First State of Pieter van den Keere's Carte-a-Figures Masterwork
Rare first state of van den Keere's sought after decorative map of Africa, published in Amsterdam in 1614.
This first state of van den Keere's map of Africa is one of the earliest of the Carte-a-figures maps of Africa. While the copperplate would be acquired by Claes Jansz Visscher and re-issued in later decades, only this first state includes the title carouche with 2 cherubs. All later states incorporate a crocodile with an indigenous African on its back and remove the sailing ship west of the Cape of Good Hope.
The map relies upon the most recent advances in the cartographic depiction of Africa, particularly in the outline of the North African coast and Madagascar. Cape Horn is more prominent, with the addition of Saldanha and Cape Falco. The map also adopts the newest hydrography of the Congo River, drawn from the 1598 regional map of Central Africa by Filippo Pigafetta.
The map follows Ortelius’ model of the source of the Nile emanating from two large lakes in Central Africa, rejecting the model more recently used by Mercator, which had shown an extra southern branch of the Nile and smaller lakes. Like Mercator, however, the map includes a Nubian branch of the Nile. The Niger River configuration is also from Ortelius.
Beyond Ortelius, the coastal regions and toponyms are improved thanks to access to Linschoten’s Itinerario. The map reflects Portuguese sources as well, as it includes the Portuguese discoveries on the Upper Zambezi and their interactions with Monomotapa in Southeast Africa.
In the waters surrounding the continent are several sailing ships. They should be wary of the sea monsters that are also in the seas. Many islands dot the ocean, including São Tomé and Principe, which are noted for their sugar, and St. Helena, an important stop-over on the route to the East Indies.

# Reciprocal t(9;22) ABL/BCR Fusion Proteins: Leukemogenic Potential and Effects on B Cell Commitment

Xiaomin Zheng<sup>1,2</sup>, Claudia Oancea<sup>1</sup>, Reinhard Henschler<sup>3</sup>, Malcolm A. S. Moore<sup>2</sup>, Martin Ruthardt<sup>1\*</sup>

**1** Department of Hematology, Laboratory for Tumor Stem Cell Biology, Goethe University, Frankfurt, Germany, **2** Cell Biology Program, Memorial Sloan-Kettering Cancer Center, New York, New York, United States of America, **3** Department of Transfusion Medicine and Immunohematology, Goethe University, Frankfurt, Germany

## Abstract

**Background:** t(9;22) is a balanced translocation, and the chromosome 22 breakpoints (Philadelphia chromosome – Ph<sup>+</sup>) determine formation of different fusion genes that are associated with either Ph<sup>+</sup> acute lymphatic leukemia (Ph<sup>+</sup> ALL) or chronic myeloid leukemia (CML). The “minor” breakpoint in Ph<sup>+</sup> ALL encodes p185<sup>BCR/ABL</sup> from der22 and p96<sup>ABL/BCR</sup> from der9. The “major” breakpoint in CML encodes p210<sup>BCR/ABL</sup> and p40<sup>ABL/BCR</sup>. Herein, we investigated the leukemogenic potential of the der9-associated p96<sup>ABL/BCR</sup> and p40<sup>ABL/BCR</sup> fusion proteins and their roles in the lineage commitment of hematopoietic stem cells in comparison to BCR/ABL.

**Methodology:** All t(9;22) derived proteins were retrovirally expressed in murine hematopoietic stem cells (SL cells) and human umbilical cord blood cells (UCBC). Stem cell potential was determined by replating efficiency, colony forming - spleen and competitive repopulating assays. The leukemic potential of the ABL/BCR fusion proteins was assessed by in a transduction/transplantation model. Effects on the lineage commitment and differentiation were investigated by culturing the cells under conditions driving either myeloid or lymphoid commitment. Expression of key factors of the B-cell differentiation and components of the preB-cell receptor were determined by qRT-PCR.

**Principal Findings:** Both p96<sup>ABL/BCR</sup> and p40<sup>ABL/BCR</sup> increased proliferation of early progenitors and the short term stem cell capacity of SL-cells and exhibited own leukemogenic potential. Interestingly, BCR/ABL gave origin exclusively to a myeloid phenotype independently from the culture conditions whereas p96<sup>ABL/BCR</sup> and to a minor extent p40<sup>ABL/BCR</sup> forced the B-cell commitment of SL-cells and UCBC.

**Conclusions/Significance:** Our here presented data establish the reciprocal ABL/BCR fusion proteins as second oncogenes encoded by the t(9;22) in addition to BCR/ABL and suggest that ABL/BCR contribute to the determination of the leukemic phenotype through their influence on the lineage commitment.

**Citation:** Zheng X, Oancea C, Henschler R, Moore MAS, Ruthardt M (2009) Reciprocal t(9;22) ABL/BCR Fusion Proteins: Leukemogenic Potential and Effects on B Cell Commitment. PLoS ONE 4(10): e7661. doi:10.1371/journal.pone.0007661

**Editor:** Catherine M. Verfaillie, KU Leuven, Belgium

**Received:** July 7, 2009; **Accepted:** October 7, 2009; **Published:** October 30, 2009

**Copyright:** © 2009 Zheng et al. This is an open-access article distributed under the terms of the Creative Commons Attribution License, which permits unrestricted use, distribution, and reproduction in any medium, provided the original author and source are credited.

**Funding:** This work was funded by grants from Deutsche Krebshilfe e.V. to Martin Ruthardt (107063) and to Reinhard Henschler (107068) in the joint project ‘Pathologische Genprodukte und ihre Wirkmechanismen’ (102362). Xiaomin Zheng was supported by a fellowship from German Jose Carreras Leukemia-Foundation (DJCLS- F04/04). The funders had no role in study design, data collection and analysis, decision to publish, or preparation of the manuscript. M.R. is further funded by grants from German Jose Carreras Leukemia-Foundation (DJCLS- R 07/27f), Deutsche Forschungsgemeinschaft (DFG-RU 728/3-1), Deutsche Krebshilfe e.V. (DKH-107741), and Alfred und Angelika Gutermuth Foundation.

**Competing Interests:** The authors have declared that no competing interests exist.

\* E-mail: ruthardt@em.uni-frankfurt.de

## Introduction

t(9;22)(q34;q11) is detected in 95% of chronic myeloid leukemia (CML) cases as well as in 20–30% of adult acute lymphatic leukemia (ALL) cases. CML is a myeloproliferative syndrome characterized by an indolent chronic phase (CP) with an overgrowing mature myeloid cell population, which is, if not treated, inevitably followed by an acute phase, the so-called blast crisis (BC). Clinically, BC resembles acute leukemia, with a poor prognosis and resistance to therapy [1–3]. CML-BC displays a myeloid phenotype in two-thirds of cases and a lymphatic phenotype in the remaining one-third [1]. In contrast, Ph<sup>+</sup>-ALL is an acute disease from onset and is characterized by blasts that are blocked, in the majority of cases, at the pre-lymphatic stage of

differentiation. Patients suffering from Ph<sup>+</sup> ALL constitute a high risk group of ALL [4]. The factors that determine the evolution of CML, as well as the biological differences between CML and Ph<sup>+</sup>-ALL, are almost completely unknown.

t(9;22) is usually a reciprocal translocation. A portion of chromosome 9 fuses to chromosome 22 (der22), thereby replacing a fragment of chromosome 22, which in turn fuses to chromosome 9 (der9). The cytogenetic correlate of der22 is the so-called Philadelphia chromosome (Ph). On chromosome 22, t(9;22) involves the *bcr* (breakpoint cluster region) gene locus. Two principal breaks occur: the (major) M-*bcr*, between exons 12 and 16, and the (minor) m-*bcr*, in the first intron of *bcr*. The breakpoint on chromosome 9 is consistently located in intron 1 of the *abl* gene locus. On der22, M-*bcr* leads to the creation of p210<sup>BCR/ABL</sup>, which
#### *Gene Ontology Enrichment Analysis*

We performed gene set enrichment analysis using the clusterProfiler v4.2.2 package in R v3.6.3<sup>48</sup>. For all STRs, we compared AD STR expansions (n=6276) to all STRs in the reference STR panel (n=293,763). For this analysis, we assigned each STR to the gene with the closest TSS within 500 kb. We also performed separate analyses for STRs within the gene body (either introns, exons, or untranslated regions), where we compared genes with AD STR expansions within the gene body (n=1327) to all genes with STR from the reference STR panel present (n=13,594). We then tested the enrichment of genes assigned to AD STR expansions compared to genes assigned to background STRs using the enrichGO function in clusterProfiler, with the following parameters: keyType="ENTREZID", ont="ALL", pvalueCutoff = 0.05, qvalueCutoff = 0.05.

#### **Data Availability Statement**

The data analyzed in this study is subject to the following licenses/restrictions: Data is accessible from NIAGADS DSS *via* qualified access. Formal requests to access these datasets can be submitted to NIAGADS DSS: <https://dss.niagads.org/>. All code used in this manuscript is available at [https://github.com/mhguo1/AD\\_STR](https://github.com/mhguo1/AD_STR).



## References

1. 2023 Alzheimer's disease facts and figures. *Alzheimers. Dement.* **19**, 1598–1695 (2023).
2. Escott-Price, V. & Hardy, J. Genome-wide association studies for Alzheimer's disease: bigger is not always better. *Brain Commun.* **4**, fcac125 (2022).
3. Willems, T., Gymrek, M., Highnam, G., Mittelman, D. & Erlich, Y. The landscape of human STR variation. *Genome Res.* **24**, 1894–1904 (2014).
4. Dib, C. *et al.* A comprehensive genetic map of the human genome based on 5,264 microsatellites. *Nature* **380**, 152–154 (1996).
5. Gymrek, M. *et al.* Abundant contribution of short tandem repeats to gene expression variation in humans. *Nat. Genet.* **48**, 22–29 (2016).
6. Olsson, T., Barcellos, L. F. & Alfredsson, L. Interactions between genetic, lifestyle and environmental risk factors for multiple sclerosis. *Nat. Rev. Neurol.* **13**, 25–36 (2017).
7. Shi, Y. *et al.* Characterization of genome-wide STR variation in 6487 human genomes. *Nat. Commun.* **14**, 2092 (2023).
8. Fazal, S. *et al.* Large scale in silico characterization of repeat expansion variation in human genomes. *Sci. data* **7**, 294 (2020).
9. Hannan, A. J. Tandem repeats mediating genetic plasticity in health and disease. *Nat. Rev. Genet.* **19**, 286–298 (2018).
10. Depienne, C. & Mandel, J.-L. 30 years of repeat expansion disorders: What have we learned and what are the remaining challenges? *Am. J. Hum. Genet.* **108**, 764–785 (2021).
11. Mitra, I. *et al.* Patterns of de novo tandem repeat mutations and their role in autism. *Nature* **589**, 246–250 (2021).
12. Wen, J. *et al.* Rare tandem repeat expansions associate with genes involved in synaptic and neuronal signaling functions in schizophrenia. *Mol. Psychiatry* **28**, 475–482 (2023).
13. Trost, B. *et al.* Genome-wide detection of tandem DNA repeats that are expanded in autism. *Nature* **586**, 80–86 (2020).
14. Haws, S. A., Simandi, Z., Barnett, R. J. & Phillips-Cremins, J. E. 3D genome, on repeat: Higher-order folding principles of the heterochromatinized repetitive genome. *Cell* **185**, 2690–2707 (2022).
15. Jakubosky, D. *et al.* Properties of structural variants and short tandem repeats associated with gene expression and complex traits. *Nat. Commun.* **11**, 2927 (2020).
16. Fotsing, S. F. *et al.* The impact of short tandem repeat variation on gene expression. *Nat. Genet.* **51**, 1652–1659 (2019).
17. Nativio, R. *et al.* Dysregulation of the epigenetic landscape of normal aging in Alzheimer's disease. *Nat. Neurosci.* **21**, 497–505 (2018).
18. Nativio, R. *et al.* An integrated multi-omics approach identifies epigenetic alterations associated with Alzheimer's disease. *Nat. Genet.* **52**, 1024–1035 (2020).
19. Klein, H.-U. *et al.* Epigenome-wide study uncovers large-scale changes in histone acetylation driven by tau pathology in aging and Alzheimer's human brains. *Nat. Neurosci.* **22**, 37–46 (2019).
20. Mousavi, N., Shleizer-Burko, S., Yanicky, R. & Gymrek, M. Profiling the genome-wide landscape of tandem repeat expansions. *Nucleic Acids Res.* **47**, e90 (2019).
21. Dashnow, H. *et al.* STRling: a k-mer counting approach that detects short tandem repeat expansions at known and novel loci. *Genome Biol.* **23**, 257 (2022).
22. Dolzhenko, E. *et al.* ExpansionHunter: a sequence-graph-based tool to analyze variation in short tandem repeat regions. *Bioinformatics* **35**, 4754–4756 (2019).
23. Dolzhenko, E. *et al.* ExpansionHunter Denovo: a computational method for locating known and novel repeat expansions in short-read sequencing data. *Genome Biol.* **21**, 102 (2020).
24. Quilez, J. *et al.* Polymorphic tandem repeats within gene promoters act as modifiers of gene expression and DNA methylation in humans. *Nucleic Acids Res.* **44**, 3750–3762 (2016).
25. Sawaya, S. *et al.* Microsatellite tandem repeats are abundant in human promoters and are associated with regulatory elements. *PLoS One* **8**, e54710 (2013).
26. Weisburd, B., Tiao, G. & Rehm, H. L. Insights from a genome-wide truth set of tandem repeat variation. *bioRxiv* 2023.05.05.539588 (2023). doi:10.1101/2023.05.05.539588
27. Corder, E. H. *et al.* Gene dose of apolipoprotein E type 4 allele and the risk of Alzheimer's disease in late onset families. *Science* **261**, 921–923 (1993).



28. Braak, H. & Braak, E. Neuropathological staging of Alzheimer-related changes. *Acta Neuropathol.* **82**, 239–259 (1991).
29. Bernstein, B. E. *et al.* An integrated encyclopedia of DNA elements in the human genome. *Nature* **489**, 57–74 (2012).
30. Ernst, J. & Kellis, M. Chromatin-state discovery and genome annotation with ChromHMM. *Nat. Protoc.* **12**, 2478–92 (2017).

Th kingdom of Monomotapa is shown in the south. In the early fifteenth century, a prince of the Kingdom of Zimbabwe established his own seat of power called the Kingdom of Mutapa to the north. The kingdom expanded quickly, fed by the region’s gold reserves and trade connectivity.
The Portuguese heard of the empire, which reached its peak in 1480, when they rounded the Horn at the end of the fifteenth century and began trading along the coasts of southern Africa. The Portuguese traders transliterated the word for ruler, Mwenemutapa, to Monomotapa, which was then used to describe the region on maps.
In the 1560s, the Portuguese Crown entered into direct relations with Mutapa; in 1569, King Sebastian gave a coat arms to the Mwenemutapa, the first grant of arms to a native southern African. However, this interaction was not characteristic of Portuguese-Mutapa relations, which were often combative as the Portuguese sought to take over the local gold reserves. These gold reserves were connected in European minds to the gold mines of King Solomon, ensuring Monomotapa an enduring place in the European geographic imagination.
States of the Map and Rarity
Schilder records five examples of the first state: University of Berlin State Library, Regensburg Library, Library of Congress and 2 in a private French collection.
The cartography of Africa to ca. 1570
Medieval mapping of the African continent was tied to the Christian worldview. Traditionally, the known world of Antiquity, which included the north of Africa, Asia, and Europe, was arranged symbolically in what is known as a T-O map. Such world images were common in Medieval manuscripts and they show the three landmasses in a T shape with an O, the ocean, surrounding them. The T-O maps are east-oriented—Paradise and Eden were supposedly located to the east—and some have Jerusalem at their center. Europe is in the bottom left corner and Africa the bottom right.
Over the course of the Medieval period, mappaemundi on the T-O model were increasingly stuffed with new place names and features, particularly those mentioned in the popular travel narratives of Marco Polo and Sir John Mandeville.
From roughly 1200, portolan charts showed increasing portions of the African coast. Meant for maritime navigation, these charts contained little to no information about the interior of the continent. They did, however, reflect the advancement of European, particularly Portuguese ships south along on the west coast of Africa. The culmination of these voyages was in 1498, when Vasco da Gama rounded the Cape of Good Hope and reached the Indian subcontinent.